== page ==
Today has been a busy day. I drove about an hour up to Mount Pleasant so that I could do a “Meet the Candidates” interview with David Nicholas at CMU Public Broadcasting. This is my first time running for any kind of public office, and I have to confess that I was a bit nervous. I think I did pretty well, though I wish I had spoken a bit more clearly. When I find that the interview has been uploaded to the internet I shall make a post linking to the video so that you can watch it from here.
The survey I’m posting now is one that I had just received today, and it couldn’t be more timely. It comes from Between the Lines, a weekly Lesbian, Gay, Bisexual, and Transgender (LGBT) publication. I was kind of disappointed that it follows the “support / don’t support / don’t know” pattern, but it did provide room for additional comments at the end, so I wrote them a letter that I attached to the survey. I also wrote some comments in the margins of the survey. For further information, you can visit the previously linked website or their Voter Guide.
The survey is timely because the legislature is debating about adding “gender and sexual orientation” to Michigan’s Elliott-Larsen Civil Rights Act, which says, in part, that an employer is not able to:
Fail or refuse to hire or recruit, discharge, or otherwise discriminate against an individual with respect to employment, compensation, or a term, condition, or privilege of employment, because of religion, race, color, national origin, age, sex, height, weight, or marital status.
The legislature has concerns about religious liberty with regard to adding the “gender and sexual orientation” language to the act, but I think in the final analysis, businesses that act in the public domain should be equally bound to anti-discrimination laws. I do respect the many religious beliefs of the people of Michigan, and I believe that they have the right, as delineated in the First Amendment, to practice their religion freely and openly. However, religious liberty has to be balanced with the liberties of others in the public domain, without one getting preference over another. The owners of a business are able to practice their religion, but if they’re running a business that operates in the public domain (for instance, attached to public roads and making use of public resources), they must be held accountable to the same laws everyone else is held accountable to. That’s a fair and equitable situation in a pluralistic democracy such as ours.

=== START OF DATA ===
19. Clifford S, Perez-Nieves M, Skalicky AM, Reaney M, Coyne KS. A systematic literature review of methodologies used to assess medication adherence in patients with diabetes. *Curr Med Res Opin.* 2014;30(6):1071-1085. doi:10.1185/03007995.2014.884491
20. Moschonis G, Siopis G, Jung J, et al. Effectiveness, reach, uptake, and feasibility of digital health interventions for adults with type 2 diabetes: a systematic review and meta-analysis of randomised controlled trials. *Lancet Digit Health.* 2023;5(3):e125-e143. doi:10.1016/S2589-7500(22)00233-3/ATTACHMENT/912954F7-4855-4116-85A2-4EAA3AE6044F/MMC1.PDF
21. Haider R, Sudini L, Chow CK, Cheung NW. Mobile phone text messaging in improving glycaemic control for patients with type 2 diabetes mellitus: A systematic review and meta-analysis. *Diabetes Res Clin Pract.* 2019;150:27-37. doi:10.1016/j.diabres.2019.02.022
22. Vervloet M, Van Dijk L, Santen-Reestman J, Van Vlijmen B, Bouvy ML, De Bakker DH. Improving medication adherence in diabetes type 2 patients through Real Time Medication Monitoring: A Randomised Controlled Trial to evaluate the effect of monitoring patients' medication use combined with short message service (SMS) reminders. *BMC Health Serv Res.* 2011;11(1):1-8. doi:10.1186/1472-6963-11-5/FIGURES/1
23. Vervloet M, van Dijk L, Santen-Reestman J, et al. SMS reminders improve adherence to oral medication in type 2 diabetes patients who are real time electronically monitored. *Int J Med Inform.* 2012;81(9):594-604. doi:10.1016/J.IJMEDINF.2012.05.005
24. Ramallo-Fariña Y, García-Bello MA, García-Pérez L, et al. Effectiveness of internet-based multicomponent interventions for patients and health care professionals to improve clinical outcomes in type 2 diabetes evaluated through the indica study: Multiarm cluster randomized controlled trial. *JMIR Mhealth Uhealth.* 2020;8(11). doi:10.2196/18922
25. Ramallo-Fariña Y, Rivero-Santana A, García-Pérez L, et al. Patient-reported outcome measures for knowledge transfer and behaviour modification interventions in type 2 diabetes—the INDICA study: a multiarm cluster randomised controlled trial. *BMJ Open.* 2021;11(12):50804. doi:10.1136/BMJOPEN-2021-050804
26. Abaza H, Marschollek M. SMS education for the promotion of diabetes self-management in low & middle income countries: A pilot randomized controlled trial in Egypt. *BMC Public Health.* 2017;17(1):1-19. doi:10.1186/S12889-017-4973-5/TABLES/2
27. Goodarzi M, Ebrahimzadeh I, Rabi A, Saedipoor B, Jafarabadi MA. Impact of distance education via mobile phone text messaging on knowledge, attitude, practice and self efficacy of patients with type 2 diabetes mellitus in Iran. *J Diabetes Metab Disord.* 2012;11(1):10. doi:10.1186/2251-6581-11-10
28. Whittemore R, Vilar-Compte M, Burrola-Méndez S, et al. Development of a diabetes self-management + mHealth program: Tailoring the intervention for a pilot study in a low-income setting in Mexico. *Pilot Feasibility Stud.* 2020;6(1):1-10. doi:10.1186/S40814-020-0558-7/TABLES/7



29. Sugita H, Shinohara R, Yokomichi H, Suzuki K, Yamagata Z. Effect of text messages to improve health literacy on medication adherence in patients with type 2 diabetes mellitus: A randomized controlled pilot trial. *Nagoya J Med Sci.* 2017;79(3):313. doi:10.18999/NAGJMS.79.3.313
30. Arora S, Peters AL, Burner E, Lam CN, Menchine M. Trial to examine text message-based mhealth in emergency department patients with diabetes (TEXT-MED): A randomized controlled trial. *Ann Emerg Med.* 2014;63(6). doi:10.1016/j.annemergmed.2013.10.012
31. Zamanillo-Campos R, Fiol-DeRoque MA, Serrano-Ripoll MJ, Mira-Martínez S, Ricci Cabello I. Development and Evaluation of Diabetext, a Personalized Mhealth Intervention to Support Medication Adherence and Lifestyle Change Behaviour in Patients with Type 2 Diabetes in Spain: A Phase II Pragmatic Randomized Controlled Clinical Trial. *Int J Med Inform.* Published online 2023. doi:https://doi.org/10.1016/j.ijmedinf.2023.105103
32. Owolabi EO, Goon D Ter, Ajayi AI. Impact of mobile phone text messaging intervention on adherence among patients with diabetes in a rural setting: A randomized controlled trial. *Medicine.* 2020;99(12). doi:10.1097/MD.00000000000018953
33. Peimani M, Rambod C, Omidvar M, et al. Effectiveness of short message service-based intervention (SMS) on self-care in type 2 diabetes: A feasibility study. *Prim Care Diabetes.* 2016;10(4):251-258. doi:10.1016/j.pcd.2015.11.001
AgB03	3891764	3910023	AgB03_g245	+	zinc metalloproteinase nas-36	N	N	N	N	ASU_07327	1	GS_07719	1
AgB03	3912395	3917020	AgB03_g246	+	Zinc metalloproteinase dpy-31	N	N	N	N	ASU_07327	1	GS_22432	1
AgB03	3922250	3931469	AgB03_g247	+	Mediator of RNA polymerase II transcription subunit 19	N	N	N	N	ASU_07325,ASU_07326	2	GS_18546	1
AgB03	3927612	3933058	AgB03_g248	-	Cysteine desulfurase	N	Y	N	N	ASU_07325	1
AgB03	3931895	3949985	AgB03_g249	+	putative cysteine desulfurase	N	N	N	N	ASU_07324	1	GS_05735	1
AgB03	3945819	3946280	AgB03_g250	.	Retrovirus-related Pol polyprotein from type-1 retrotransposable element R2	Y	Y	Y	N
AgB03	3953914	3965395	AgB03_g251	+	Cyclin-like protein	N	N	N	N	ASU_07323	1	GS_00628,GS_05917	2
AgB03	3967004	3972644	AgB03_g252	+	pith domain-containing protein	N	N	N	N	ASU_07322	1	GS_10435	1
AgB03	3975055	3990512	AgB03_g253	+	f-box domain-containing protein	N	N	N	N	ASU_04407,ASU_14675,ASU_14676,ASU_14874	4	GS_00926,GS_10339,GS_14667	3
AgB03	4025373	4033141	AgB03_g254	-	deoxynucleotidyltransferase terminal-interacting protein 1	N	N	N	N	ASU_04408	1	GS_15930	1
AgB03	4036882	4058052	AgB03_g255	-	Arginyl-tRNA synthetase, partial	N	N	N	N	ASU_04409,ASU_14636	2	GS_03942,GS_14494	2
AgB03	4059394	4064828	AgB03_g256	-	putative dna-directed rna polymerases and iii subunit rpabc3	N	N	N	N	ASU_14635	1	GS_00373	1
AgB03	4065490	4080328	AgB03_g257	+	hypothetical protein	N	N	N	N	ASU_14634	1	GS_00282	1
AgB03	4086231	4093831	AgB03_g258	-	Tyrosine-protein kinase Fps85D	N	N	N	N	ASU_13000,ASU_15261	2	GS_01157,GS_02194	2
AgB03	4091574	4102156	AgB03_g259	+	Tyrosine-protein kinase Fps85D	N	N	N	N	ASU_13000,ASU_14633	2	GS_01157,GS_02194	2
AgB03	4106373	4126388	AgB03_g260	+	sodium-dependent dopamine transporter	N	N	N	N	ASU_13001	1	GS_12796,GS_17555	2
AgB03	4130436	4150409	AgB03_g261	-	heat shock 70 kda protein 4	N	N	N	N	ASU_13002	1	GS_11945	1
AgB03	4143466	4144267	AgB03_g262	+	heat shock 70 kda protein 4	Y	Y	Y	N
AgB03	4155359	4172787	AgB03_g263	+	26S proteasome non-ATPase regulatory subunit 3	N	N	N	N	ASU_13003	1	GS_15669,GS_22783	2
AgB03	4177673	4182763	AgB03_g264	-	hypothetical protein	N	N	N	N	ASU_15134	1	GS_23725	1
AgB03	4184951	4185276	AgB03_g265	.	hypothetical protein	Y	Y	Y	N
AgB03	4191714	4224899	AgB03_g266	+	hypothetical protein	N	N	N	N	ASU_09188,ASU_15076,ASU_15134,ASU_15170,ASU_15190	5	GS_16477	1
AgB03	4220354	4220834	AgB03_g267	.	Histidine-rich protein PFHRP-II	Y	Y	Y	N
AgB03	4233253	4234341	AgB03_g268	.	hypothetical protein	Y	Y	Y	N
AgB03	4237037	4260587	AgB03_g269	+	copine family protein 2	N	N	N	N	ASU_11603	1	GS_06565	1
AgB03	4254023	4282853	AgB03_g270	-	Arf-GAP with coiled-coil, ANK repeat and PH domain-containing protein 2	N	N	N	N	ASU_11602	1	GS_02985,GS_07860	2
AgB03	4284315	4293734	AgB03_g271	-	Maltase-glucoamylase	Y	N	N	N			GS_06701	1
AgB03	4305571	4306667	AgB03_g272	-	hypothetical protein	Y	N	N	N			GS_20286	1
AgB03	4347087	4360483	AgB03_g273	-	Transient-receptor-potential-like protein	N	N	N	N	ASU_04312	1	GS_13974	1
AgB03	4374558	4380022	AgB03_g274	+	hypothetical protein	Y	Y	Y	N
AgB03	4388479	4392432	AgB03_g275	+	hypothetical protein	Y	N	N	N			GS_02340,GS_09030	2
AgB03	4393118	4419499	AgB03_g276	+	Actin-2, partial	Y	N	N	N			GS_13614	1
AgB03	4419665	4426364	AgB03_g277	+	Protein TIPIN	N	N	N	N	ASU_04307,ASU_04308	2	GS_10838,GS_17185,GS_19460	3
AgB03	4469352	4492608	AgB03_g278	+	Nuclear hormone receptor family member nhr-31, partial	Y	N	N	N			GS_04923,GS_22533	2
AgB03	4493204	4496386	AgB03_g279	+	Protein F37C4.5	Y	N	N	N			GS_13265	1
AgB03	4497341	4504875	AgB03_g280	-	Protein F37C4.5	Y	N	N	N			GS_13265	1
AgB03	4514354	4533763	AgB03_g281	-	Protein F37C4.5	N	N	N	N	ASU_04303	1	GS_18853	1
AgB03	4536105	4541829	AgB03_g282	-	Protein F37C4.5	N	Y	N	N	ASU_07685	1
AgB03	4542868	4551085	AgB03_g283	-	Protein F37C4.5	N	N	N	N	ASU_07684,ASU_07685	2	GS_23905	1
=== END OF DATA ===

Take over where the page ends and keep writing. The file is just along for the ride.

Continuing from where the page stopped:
It’s important to note that we all, everyday, accept limits on our liberties. We do this so that we can live in a country with over 350 million people, all of whom have different views, beliefs, and goals. Remember the old saying, “Your freedom to swing your fists ends where my nose begins.” It’s a somewhat clumsy adage, but I think it adequately describes this situation.
With that said, I’d like to post the survey, as well as my letter.
If you have questions or comments, please feel free to drop a comment on this blog, or write me at firstname.lastname@example.org. I welcome comments and debate, as long as it is civil and productive.
Thank you for reading!
P.S. If you’re interested in some resources to compliment this post, here is a .pdf copy of Judge Friedman’s ruling on the same-sex marriage ban, as well as some scientific resources about gay conversion therapy and the abilities of gay and lesbian parents.